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In that moment, watching snow flurries fall against a redbrick backdrop out of a coffee-shop window in downtown Bend, I realized that unless our family made more intentional, proactive choices, instead of just constantly talking about wishing things weren’t so busy, we would go on forever wanting a different life. -Tsh Oxenrieder, Notes from a Blue Bike
In the late summer of 2013, my hubs and I decided we were fed up. Enough. Done. Over it.
Fed up with the hamster wheel we were spinning that defined our days; each day looking eerily similar to the day before it. Working, cleaning, eating, moving clutter around, spending time with our kids, looking for something lost in the clutter, sleeping, cleaning, staring at our piles of clutter – around and around we went.
All the time cursing the way we felt overwhelmed with our stuff, our house, our life. This was not the way we wanted to live.
We looked at each other and said, Enough! We have too much stuff. We feel like sardines as a family of five living in a 1200 sq. foot house, but we know we don’t really want a bigger house. We want less stuff.
We want room to breathe, and be, and just live with our family and in our home without the crushing weight of maintaining all this stuff around us all the time.
Fast forward six months, it’s January 2014. Some things have changed. We’ve gotten rid of bags of stuff – toys, clothes, shoes, kitchen items, and more. We held a garage sale, and gave away everything we didn’t sell. We’ve cleared off the surfaces in our kitchen, the kids bedroom, and our bedroom. We’ve organized and arranged our guest room/office/playroom/dumping ground. We’ve gotten rid of furniture and decided we like the way the rooms look with less stuff in them.
And yet we’ve turned around twice, during busy seasons of life, and found that really not much has changed at all. Everywhere we look there is more stuff again. The surfaces in our kitchen and bedrooms are no longer clear but covered with piles of stuff. The guest room/office/playroom has again becoming a dumping ground and no one could stay there if they wanted to. It’s not very conducive to working or playing. The stuff creeps back in and threatens to overtake us, again.
Why is it that our culture is so obsessed with stuff? And why does it hold seem to hold such strong power over us? It’s too hard to get rid of stuff and too easy to acquire more and more stuff, even when we don’t want to.
But what does stuff have to do with living a more intentional life, anyway?
Because for our family, our stuff takes up too much of our time and energy, and steals our joy. So then we don’t have time or energy to give to the things, really the people, who are most important to us. Having too much stuff, for us, takes away from our ability to live lives of purpose and passion, our desire to live with intentionality.
As I read through the first section, and skimmed over the subsequent sections, of Tsh Oxenreider’s new book, Notes from a Blue Bike, my head nodded along and my heart stirred.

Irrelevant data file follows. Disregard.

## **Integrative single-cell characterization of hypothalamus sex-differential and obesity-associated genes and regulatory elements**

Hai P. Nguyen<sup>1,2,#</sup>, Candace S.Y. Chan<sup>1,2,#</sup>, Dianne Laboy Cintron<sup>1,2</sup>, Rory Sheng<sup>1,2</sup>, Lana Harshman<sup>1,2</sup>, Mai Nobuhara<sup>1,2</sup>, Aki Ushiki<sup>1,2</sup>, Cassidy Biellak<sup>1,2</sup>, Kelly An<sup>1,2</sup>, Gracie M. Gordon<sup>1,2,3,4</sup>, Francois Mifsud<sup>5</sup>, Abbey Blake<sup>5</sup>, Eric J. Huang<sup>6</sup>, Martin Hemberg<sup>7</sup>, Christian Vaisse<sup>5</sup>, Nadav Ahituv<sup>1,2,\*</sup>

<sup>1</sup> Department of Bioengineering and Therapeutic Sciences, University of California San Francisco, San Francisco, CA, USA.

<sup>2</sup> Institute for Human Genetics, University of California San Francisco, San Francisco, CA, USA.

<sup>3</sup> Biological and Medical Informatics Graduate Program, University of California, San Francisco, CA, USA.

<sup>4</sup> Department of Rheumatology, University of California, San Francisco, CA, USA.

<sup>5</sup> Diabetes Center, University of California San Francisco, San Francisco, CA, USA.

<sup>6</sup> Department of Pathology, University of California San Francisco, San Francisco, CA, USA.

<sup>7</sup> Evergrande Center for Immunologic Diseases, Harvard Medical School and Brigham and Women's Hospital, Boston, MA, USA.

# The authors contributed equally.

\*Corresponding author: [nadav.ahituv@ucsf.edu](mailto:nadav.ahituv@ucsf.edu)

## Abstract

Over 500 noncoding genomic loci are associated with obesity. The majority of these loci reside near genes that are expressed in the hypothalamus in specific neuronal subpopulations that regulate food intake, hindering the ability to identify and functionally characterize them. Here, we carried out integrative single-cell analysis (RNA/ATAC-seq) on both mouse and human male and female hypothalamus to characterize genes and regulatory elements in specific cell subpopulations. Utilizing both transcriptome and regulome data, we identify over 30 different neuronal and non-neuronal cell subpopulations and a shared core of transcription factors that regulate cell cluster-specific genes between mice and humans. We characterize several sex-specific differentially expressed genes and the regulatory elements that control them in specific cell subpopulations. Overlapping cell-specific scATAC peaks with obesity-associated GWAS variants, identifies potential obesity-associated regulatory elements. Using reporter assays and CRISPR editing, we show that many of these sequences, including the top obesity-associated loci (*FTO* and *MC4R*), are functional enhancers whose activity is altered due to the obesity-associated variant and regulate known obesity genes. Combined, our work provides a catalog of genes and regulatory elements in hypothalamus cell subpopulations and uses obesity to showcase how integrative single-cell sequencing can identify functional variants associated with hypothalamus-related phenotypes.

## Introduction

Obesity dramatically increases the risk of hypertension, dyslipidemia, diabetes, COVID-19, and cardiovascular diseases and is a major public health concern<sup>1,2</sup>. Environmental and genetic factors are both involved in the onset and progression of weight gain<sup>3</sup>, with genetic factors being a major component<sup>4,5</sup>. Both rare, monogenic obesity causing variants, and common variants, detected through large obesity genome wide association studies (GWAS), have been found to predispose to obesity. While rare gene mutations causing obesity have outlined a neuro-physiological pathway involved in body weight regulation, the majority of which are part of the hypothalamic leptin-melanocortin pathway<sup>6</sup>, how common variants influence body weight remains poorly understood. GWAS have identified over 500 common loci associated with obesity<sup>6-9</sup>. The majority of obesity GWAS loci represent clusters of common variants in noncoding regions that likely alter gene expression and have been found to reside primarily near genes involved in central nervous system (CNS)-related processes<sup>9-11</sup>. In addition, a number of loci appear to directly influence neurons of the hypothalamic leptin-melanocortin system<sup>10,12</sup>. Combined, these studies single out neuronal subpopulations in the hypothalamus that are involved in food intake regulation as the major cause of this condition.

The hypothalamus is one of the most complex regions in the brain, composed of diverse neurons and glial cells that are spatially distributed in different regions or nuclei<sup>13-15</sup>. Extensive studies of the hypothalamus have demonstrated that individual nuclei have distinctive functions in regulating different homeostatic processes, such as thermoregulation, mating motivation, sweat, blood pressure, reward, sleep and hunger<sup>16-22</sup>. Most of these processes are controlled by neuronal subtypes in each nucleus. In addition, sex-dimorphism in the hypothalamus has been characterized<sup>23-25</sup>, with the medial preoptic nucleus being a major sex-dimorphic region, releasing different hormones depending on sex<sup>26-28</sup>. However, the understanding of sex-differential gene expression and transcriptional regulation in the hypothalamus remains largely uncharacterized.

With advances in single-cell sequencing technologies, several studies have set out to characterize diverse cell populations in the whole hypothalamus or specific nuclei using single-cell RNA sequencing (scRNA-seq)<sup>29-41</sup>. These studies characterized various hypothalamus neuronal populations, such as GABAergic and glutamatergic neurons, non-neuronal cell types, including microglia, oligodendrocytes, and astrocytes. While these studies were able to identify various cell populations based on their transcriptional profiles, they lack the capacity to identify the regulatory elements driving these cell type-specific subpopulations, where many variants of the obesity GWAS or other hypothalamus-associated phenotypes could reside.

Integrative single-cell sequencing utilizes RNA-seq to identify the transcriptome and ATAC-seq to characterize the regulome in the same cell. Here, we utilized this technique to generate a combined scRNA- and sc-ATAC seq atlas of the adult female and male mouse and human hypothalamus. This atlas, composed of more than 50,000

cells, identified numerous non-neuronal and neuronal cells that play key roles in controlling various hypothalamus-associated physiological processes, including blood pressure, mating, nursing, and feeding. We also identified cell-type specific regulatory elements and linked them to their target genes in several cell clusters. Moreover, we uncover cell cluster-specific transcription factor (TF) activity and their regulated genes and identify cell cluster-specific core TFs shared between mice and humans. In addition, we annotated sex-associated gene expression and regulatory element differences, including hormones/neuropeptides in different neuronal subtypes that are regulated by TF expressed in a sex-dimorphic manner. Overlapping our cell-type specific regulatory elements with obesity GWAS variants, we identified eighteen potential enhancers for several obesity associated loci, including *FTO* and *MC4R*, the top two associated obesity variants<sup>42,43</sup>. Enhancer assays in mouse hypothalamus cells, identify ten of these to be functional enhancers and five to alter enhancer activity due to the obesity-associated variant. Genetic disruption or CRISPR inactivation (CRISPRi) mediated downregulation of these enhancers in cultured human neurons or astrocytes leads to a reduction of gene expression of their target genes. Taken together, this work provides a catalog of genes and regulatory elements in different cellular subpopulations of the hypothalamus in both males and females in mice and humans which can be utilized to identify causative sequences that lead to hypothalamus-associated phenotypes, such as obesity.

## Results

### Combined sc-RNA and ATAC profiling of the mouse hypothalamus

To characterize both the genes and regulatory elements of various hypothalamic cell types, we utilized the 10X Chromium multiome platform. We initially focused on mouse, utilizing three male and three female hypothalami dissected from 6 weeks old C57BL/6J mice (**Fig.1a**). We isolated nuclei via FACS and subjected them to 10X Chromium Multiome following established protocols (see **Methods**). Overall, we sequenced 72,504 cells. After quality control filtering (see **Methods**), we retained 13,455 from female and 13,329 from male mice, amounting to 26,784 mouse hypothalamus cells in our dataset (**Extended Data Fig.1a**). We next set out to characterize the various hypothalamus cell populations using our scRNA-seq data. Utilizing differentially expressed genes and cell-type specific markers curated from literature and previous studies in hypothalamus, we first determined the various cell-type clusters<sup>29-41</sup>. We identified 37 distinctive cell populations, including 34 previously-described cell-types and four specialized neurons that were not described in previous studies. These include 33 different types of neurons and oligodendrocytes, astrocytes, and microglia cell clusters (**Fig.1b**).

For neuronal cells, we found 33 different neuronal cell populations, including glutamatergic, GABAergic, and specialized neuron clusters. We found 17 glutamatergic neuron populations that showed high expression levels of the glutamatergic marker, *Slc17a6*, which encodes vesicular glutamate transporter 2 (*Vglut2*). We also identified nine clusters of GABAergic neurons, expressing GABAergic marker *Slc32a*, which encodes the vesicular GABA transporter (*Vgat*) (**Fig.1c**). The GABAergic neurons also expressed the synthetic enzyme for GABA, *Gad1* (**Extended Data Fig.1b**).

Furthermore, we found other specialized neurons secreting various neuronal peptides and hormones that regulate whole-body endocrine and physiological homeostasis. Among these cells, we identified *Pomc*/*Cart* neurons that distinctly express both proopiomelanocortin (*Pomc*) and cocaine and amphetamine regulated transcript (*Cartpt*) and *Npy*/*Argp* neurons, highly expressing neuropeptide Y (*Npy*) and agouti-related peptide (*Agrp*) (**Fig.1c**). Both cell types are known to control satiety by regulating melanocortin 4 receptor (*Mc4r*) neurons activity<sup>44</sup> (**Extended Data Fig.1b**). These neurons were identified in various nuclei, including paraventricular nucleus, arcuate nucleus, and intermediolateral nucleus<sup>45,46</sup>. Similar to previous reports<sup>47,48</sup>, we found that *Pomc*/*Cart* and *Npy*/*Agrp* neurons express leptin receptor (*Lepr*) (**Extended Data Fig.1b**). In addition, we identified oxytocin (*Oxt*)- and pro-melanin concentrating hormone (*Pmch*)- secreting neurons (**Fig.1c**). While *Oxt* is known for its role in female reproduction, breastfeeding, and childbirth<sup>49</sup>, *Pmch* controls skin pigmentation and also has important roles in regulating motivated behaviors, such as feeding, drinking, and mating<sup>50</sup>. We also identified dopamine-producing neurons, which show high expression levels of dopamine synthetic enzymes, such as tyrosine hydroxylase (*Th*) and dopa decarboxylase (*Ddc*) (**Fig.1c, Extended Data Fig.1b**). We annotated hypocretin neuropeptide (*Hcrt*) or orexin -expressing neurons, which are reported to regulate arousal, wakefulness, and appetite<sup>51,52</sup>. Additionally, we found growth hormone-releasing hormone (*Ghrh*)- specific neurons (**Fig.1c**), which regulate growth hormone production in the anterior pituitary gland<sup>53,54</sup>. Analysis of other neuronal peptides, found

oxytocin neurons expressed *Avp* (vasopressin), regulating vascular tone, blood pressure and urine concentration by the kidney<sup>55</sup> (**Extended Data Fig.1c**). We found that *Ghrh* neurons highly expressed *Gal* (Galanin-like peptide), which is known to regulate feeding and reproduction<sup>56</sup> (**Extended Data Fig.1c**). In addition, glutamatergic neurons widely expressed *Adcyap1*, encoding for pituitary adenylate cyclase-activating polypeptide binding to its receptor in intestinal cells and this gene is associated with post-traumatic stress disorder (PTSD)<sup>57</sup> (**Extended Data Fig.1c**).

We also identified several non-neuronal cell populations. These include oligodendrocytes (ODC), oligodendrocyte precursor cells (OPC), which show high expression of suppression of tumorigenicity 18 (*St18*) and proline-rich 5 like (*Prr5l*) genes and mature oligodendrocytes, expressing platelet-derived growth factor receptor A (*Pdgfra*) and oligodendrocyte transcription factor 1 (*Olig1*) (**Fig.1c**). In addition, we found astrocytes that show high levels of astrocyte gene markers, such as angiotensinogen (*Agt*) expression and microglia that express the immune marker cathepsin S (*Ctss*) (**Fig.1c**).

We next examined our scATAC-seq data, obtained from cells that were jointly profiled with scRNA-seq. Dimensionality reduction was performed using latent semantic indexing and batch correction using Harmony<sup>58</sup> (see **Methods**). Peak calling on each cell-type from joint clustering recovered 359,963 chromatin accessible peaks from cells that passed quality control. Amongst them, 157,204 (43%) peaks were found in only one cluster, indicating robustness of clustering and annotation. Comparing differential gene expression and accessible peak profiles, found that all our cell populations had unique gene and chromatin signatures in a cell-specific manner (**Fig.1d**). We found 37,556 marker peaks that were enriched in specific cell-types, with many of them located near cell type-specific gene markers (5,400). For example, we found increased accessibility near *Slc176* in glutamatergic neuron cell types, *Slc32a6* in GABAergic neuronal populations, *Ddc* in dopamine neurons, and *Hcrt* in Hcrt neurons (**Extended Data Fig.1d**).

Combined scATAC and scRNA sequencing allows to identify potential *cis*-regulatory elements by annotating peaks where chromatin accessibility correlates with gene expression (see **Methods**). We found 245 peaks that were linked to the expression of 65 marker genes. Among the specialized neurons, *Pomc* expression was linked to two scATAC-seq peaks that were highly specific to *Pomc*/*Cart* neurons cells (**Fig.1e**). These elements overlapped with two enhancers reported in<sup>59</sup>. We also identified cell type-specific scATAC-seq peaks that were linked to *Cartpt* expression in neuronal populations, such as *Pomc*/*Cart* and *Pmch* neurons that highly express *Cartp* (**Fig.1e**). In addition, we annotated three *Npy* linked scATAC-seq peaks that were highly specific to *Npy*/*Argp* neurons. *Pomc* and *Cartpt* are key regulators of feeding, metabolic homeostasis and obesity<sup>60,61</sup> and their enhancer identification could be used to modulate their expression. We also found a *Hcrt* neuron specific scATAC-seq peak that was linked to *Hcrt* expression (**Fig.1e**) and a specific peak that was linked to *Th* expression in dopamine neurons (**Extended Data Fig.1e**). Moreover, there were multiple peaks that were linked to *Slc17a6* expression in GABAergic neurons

I connected more dots as I interacted with my blog’s readers: almost everybody in my life stage—parents with kids at home craved a slower life. They, too, craved a more meaningful life, a life that made margin for doing nothing, for not bowing down to calendars, for saying yes to long walks with their kids and cooking seasonally from scratch because there was time. With few exceptions, we all wanted the same things. Living overseas doesn’t breed this yearning: it bubbles deep down, innately in our souls. As though we were somehow made for a slower life. –Notes from a Blue Bike
Our family wants to create margin in our lives. We want to live for the things, the people, the values that are most important to us.
We put a stake in the ground back in August and said, “Enough is enough.” But our life didn’t magically become less cluttered, less stressful and less overwhelming. We are still committed to that end, but we are learning that in order to live with intention we must make simplicity a continual priority in our lives.
We will do the hard work of simplifying, and the stuff will creep back in. But we will continue to push against it because we know this is how our family wants to live.
It will be hard work to fight back against both our own innate struggle to let go of our stuff, and the cultures constant drone that more stuff equals more happiness and a better life. But it will be worth it.
Once I heard the answer to my prayer, it was embarrassingly obvious: to live intentionally, we had to make intentional choices. And if we really wanted to live slower, as we had in the relationship-based culture of Turkey, it would mean living contrary to what the American culture surrounding us declared was normal. It would be hard, but living well doesn’t mean not doing hard things.” –Notes from a Blue Bike
One of the ways that we live with intention is by surrounding ourselves with inspiration and motivation for embracing the struggle of simplifying our lives. That’s why I cannot wait to dive into the rest of Tsh’s book. Reading along with both her family and a few other families’ journeys will be the encouragement I need when I feel like I want to quit.
Getting a glimpse of how other people are making this work in their day-to-day lives and in the midst of our American culture will provide me with hope that our family can do it too. And if these words are resonating with you and your family’s desire to live simpler, more intentional lives, then I want to recommend this book to you too.
Notes From a Blue Bike is written by Tsh Oxenreider, founder and main voice of The Art of Simple. Through small changes to the everyday things in our lives we can choose a life that better aligns with our values and passions. Grab your copy here.
And be sure to check out the trailer for Notes from a Blue Bike!